Window Maker

Window Maker is an X11 window manager originally designed to provide integration support for the GNUstep Desktop Environment. In every way possible, it reproduces the elegant look and feel of the NEXTSTEP user interface. It is fast, feature rich, easy to configure, and easy to use. It is also free software, with contributions being made by programmers from around the world.

Window Maker has a stable user interface since many years and comes with a powerful GUI configuration editor called WPrefs, which removes the need to edit text-based config files by hand. It supports running dockapps which make everyday tasks such as monitoring system performance and battery usage, mounting devices or connecting to the internet very easy.

Window Maker on PCLinuxOS

You can find more info about Window Maker from the official website:

You can use Window Maker in PCLinuxOS by installing the package Windowmaker through Synaptic Package Manager.

Enlightenment (E)

Enlightenment, also known simply as E, is a lean, fast, modular and very extensible stacking window manager for X11, which can be used alone or in conjunction with a desktop environment such as GNOME or KDE. Ιt is classed as a "desktop shell" providing the things you need to operate your desktop (or laptop), but is not a whole application suite.

Enlightenment is known as a Window Manager, but provides most of the functionality found in much more resource-hungry Desktop Environments.

Beyond the window manager, the Enlightenment project also provides a whole suite of libraries for creating beautiful user interfaces with much less work than doing it the old fashioned way and fighting with traditional toolkits.

Enlightenment over KDE in PCLinuxOS

You can find more info about Enlightenment from the official website:

Enlightenment is available in PCLinuxOS by installing the package task-enlightenment through Synaptic Package Manager.


Blackbox is a fast, lightweight window manager built with C++. Blackbox has specific design goals, and some functionality is provided only through other applications. It's designed to be fairly small and minimal, making it particularly suited to less powerful computers. It doesn't support images, other than generated gradients, but it does support multiple desktops and is NetWM compliant, making it compatible with KDE and GNOME.

Blackbox on PCLinuxOS

Fluxbox started as a fork of Blackbox 0.61.1, with the same aim to be lightweight. Its user interface has only a taskbar, a pop-up menu accessible by right-clicking on the desktop and minimal support for graphical icons. All basic configurations are controlled by text files, including the construction of menus and the mapping of key bindings. Fluxbox has high compliance to the Extended Window Manager Hints specification.

Fluxbox on PCLinuxOS

More info about those two window managers can be found from the official websites:

You can use Blackbox and Fluxbox in PCLinuxOS by installing the packages blackbox and fluxbox (respectively) through Synaptic Package Manager.


Openbox is a lightweight and highly configurable window manager with extensive standards support. Originally derived from Blackbox 0.65.0, Openbox has now been totally rewritten in the C programming language and since version 3.0 is not based upon any code from Blackbox. It is the default window manager of the LXDE desktop environment.

Openbox uses the *box visual style and can be fully customized with the use of themes. Its high configurability means that it can suit almost any user's needs. It can be kept simple but can also be tweaked in almost every aspect, completely changing the way the users interact with their desktops.

Openbox can run inside other desktop environments but can also be used without any desktop environment or session manager.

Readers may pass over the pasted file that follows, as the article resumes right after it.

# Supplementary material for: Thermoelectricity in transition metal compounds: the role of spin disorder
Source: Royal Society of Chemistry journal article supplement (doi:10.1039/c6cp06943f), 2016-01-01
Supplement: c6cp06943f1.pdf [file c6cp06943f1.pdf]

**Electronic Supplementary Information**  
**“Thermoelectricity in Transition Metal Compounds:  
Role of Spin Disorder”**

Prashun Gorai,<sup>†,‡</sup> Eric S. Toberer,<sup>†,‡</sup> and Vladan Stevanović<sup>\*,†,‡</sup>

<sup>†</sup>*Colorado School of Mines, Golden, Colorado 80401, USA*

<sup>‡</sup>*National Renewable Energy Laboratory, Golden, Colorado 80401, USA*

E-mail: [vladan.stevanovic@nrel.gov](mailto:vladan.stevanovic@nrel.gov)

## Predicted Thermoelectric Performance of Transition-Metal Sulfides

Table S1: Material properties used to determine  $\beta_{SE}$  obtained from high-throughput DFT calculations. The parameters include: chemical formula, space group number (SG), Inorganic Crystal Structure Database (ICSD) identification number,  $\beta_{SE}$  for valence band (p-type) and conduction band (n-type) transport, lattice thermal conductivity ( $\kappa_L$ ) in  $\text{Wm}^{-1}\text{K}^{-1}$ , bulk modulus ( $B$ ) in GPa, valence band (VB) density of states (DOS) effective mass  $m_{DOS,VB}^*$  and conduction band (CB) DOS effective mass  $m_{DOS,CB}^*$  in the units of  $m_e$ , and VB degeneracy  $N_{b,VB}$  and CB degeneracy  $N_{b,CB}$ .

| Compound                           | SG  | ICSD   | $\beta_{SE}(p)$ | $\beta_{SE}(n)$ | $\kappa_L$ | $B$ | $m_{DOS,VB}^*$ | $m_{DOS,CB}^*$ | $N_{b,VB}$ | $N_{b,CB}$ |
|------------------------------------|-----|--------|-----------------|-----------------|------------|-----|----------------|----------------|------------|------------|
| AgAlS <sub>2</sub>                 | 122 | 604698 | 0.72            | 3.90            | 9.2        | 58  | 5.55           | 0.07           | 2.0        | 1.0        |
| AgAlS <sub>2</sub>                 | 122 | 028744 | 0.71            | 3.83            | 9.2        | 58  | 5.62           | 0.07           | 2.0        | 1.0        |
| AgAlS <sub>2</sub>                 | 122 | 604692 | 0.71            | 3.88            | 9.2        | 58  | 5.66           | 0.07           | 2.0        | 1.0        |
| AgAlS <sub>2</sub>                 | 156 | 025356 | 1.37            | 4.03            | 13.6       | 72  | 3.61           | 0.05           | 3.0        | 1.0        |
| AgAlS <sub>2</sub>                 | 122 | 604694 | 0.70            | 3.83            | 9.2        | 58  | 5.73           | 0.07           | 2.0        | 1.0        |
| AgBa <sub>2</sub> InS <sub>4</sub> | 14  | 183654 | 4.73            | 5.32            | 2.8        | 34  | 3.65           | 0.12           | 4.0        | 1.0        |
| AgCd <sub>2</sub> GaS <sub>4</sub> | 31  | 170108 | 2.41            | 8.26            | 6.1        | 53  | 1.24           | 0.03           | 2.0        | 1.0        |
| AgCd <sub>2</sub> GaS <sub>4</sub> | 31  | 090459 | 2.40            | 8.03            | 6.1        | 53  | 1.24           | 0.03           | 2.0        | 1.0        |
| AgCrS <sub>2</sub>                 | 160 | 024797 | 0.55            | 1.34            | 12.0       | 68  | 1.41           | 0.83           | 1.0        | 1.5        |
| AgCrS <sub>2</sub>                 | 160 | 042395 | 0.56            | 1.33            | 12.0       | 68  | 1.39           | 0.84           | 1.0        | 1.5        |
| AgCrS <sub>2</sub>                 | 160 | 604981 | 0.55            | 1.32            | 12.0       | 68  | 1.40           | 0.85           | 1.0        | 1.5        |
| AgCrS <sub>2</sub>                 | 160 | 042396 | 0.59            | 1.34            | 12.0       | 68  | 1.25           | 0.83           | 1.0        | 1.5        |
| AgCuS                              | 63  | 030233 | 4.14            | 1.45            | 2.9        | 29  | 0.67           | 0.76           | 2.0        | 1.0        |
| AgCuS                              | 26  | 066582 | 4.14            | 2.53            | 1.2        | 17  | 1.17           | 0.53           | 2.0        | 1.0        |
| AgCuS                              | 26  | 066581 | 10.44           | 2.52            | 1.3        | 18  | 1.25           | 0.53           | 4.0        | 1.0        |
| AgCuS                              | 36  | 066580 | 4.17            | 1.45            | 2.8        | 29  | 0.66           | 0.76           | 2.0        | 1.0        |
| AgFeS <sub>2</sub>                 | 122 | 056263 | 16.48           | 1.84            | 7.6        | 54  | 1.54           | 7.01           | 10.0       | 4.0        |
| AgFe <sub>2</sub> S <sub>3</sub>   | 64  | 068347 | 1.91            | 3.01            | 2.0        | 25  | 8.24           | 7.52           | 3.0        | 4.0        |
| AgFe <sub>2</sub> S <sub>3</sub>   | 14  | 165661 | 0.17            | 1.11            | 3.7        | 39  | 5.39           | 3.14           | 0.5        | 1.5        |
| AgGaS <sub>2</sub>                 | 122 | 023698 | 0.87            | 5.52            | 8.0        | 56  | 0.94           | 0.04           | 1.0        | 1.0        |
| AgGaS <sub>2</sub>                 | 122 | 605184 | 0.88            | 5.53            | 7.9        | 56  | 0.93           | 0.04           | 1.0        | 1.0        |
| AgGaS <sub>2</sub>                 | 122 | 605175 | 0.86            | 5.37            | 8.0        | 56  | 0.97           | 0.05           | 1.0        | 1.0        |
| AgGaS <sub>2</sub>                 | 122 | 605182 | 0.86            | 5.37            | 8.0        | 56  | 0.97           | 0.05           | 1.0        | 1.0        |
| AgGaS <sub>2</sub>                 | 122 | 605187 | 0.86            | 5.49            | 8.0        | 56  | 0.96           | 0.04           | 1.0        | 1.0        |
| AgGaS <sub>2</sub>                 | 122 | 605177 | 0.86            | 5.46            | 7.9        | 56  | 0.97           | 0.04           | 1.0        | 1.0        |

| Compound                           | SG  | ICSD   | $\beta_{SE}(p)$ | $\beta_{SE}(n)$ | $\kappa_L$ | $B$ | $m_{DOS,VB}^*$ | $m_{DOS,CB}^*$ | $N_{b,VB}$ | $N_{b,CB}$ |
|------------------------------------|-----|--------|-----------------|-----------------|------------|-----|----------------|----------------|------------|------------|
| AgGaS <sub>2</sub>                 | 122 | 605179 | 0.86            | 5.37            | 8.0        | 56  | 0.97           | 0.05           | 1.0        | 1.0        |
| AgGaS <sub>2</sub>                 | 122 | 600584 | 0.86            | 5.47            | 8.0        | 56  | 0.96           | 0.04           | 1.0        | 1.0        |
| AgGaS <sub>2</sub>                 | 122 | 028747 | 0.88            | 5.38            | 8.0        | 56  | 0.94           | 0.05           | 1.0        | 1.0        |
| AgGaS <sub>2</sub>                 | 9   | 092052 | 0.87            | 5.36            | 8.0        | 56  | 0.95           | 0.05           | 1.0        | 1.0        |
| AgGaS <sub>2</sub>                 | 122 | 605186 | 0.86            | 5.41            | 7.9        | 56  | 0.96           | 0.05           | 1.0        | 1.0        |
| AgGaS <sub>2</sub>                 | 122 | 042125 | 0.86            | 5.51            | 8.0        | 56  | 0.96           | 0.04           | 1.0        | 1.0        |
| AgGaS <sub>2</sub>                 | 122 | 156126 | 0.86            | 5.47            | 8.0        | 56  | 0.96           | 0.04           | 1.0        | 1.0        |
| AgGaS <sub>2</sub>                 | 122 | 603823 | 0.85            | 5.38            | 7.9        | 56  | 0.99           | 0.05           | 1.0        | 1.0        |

Openbox configuration under LXDE

You can find more info about Openbox from the official website:

You can use Openbox in PCLinuxOS by installing the package openbox through Synaptic Package Manager.


IceWM is a stacking window manager for the X Window System graphical infrastructure, written by Marko Maček. It was coded from scratch in C++ and is released under the terms of the GNU Lesser General Public License. It is relatively lightweight in terms of memory and CPU usage, and comes with themes that allow it to imitate the GUI of Windows 95, OS/2, Motif, and other graphical user interfaces. IceWM is meant to excel in look and feel while being lightweight and customizable.

IceWM can be configured from plain text files stored in a user's home directory, making it easy to customize and copy settings. IceWM has an optional, built-in taskbar with menu, tasks display, network and CPU meters, mail check and configurable clock. Official support for GNOME and KDE menus was previously available as a separate package. In recent IceWM versions, support for them is embedded. External graphical programs for editing configuration and menu exist.

IceWM on PCLinuxOS

You can find more info about IceWM from the official website:

IceWM can be used in PCLinuxOS by installing the package icewm through Synaptic Package Manager.


Metacity was the window manager used by default in the GNOME 2 desktop environment until GNOME 3, where it was replaced by Mutter. A fork, renamed to "Marco", is still being actively developed and maintained as part of the MATE desktop environment, itself a fork of GNOME 2 as a whole.

The development of Metacity was started by Havoc Pennington and it is released under the GNU General Public License. Before the introduction of Metacity in GNOME 2.2, GNOME used Enlightenment and then Sawfish as its window manager. Although Metacity is part of the GNOME project and designed to integrate into the GNOME desktop, it does not require GNOME to run, and GNOME can be used with different window managers provided that they support the part of the ICCCM specification that GNOME requires.

Metacity uses the GTK+ graphical widget toolkit to create its user interface components, which makes it themeable and makes it blend in with other GTK+ applications.

You can find more info about Metacity in this blog:

Metacity can be used either in conjunction with GNOME 2 Desktop Environment or by installing the package metacity through Synaptic Package Manager.